As I recently noted in the recipe for Tea-Smoked Chicken, I want to like chicken. But most of the time…I just don’t. People always go on about how easy it is to cook, but they never mention the word “perfectly”—and for good reason. Chicken has a very small window of perfection. Overcook it the least bit, it’s dry and chewy. Undercook it and it’s not just repulsive, it’s dangerous. So this is why I’m excited about the best damn chicken. Ever. (I added that last part just to sound like all the other bloggers. You gotta do that single word period thing if you really want to play in the big leagues….) Here it is topping a salad (recipe coming soon!). Jump straight to the recipe for the best damn chicken or read my Fabulous Commentary and Step by Step.

First off, let’s address the whole meat thing. I’m not wild about the texture of chicken thighs, despite everyone insisting that they’re more flavorful. That flavor comes from extra fat, and that fat gives the meat a texture that I just find weird. As a child, the smell of roasting meat, particularly beef, which my mom cooked every freaking Sunday, used to make me gag. I still don’t eat mammals except for (forgive me) an occasional bit of bacon.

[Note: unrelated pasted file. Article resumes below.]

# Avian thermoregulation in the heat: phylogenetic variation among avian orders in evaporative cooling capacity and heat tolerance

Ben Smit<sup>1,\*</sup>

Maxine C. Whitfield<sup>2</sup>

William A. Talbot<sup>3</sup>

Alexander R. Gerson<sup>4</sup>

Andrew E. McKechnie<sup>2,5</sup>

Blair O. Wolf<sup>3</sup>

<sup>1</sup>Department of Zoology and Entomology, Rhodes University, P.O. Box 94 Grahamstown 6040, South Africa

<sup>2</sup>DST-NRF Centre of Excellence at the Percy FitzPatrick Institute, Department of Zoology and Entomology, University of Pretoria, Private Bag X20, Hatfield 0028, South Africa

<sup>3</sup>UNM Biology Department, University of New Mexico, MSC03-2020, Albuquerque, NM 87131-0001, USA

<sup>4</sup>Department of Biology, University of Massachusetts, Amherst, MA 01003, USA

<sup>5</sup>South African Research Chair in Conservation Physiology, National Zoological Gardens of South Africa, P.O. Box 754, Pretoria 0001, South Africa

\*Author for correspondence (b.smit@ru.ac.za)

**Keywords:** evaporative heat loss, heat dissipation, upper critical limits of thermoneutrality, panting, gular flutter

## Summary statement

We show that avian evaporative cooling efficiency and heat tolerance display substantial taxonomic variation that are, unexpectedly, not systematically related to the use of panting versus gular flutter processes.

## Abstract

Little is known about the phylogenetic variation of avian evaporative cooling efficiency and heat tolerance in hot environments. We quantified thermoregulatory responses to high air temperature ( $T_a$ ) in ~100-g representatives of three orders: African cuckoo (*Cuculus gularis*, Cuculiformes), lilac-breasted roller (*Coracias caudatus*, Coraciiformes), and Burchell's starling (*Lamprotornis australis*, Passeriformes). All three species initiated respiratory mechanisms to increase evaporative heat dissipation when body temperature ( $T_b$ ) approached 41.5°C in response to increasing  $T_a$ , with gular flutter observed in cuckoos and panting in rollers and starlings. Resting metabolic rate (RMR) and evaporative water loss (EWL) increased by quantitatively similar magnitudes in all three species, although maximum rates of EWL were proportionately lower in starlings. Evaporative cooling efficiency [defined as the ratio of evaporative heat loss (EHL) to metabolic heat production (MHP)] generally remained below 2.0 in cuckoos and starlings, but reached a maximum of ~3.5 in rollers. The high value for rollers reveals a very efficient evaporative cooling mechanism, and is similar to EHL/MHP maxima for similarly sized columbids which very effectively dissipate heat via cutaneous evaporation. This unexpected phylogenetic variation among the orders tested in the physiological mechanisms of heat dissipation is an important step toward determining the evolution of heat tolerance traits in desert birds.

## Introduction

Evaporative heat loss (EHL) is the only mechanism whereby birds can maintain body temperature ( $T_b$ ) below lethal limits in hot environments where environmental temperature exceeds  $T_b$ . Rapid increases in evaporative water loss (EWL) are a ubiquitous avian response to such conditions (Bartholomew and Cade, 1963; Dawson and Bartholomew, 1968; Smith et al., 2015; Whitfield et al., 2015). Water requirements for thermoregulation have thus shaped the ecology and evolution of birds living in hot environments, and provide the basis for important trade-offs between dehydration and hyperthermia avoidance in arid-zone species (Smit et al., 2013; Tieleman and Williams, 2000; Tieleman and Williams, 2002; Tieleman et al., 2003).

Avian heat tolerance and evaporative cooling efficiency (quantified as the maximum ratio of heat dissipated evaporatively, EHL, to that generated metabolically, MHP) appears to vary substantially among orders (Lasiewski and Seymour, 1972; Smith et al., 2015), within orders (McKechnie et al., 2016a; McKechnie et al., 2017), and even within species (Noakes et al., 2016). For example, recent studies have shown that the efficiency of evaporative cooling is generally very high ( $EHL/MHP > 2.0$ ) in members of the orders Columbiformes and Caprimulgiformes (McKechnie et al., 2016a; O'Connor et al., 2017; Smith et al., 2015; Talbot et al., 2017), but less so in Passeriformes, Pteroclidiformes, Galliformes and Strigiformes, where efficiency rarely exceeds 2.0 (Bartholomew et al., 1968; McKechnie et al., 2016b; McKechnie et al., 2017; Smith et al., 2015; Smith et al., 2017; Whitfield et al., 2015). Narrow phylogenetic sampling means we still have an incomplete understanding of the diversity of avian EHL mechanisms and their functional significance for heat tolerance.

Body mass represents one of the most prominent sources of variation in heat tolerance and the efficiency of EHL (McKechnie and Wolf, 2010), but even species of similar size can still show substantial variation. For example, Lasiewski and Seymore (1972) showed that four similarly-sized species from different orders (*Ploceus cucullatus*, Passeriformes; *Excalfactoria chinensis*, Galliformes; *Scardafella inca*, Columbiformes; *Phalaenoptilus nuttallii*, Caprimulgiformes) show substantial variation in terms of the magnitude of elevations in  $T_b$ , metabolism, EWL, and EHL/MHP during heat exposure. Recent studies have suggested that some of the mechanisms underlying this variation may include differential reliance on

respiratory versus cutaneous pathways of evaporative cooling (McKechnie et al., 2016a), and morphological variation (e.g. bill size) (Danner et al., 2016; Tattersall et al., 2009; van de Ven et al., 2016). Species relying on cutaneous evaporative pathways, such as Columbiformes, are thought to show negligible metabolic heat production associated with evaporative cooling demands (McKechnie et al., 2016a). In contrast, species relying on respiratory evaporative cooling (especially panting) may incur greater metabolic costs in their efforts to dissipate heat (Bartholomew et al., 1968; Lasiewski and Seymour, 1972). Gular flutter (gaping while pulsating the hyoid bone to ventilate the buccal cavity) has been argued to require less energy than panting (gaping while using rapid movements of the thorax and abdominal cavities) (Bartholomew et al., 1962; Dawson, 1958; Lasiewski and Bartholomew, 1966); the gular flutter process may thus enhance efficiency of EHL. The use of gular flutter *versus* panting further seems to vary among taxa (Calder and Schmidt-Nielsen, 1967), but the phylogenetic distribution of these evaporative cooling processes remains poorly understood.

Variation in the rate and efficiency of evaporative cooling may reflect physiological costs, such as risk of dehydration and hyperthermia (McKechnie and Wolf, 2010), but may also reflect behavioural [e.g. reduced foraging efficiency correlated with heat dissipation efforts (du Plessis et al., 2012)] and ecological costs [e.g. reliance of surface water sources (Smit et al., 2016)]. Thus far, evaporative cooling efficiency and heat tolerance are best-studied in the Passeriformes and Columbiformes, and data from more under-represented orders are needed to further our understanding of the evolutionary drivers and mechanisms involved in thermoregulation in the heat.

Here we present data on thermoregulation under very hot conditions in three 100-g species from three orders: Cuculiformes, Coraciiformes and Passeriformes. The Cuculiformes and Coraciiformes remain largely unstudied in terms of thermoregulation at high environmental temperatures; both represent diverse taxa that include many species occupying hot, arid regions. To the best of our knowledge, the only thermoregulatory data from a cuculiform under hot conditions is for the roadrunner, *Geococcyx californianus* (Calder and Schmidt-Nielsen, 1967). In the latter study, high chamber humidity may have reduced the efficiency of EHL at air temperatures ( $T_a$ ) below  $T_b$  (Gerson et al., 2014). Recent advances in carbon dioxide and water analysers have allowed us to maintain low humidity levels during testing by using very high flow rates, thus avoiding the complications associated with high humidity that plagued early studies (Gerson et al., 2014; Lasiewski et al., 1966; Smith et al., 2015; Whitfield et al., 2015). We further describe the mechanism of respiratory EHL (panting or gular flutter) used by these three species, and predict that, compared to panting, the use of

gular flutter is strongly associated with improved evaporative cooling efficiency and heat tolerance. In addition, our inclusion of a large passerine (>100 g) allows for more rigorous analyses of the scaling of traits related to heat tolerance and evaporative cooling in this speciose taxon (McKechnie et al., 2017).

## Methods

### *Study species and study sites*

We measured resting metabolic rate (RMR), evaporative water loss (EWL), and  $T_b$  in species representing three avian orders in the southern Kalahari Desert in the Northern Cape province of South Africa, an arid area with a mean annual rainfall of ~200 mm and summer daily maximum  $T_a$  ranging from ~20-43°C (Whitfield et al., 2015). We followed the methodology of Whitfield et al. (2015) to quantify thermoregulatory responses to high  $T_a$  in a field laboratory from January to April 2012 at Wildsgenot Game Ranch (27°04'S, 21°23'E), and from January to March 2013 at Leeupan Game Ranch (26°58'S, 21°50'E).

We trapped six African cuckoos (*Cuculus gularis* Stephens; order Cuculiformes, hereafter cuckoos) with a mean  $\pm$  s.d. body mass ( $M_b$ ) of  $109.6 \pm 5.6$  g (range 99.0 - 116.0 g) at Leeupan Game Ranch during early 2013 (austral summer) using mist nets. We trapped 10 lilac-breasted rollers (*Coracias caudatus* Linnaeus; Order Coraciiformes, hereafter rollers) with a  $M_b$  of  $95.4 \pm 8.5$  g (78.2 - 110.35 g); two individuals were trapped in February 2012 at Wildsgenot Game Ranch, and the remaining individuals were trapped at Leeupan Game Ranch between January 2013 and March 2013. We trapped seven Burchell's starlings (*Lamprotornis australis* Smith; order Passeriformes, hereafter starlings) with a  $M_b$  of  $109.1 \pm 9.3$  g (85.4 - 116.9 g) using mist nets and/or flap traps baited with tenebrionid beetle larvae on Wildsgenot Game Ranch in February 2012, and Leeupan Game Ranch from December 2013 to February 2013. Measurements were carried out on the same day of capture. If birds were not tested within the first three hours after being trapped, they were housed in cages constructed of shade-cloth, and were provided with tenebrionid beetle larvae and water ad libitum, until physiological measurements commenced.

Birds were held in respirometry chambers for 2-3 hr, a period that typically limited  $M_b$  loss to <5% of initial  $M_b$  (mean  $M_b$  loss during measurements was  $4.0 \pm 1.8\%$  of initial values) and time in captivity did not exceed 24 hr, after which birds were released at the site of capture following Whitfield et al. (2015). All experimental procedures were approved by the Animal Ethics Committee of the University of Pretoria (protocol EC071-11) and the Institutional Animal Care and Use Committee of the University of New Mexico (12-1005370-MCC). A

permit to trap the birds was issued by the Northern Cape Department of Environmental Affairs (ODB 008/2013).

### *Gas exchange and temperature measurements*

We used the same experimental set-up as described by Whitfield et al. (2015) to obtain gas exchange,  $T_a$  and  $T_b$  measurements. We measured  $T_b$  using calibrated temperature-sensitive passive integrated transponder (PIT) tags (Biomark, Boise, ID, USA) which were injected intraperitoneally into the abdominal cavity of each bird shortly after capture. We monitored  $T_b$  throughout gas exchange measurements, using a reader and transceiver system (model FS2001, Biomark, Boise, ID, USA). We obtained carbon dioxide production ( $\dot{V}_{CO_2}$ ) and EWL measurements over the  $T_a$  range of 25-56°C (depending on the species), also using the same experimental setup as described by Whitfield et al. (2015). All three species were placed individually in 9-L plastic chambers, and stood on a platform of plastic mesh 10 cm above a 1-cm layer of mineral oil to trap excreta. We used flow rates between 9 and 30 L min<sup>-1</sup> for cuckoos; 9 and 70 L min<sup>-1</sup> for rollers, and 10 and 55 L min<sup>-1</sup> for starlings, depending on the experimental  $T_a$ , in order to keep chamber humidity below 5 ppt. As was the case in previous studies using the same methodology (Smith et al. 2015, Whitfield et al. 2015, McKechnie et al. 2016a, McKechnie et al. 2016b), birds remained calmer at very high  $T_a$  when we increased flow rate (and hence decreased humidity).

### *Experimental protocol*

For the meat-squeamish, dark chicken meat—thighs, wings, drumsticks—just doesn’t cut it. Even when boneless, but especially when the bones are still in there. That whole gnawing-on-a-bone thing appears to be the height of primal ecstasy for some folks. For me, a medieval banquet sounds about as fun as living in medieval times. In other words, head lice, chastity belts (call me uncomfy!), and a lot more people who look like this…

princess bride boo lady than this:

princess bride buttercup

So right off the bat, you can bet that the best damn chicken is breast meat. Boneless and skinless. Yeah, I’m sort of like a picky 6-year-old here, and I am So OK With It.

Here’s how I prep it.

Best Damn Chicken: Cutting and Marinating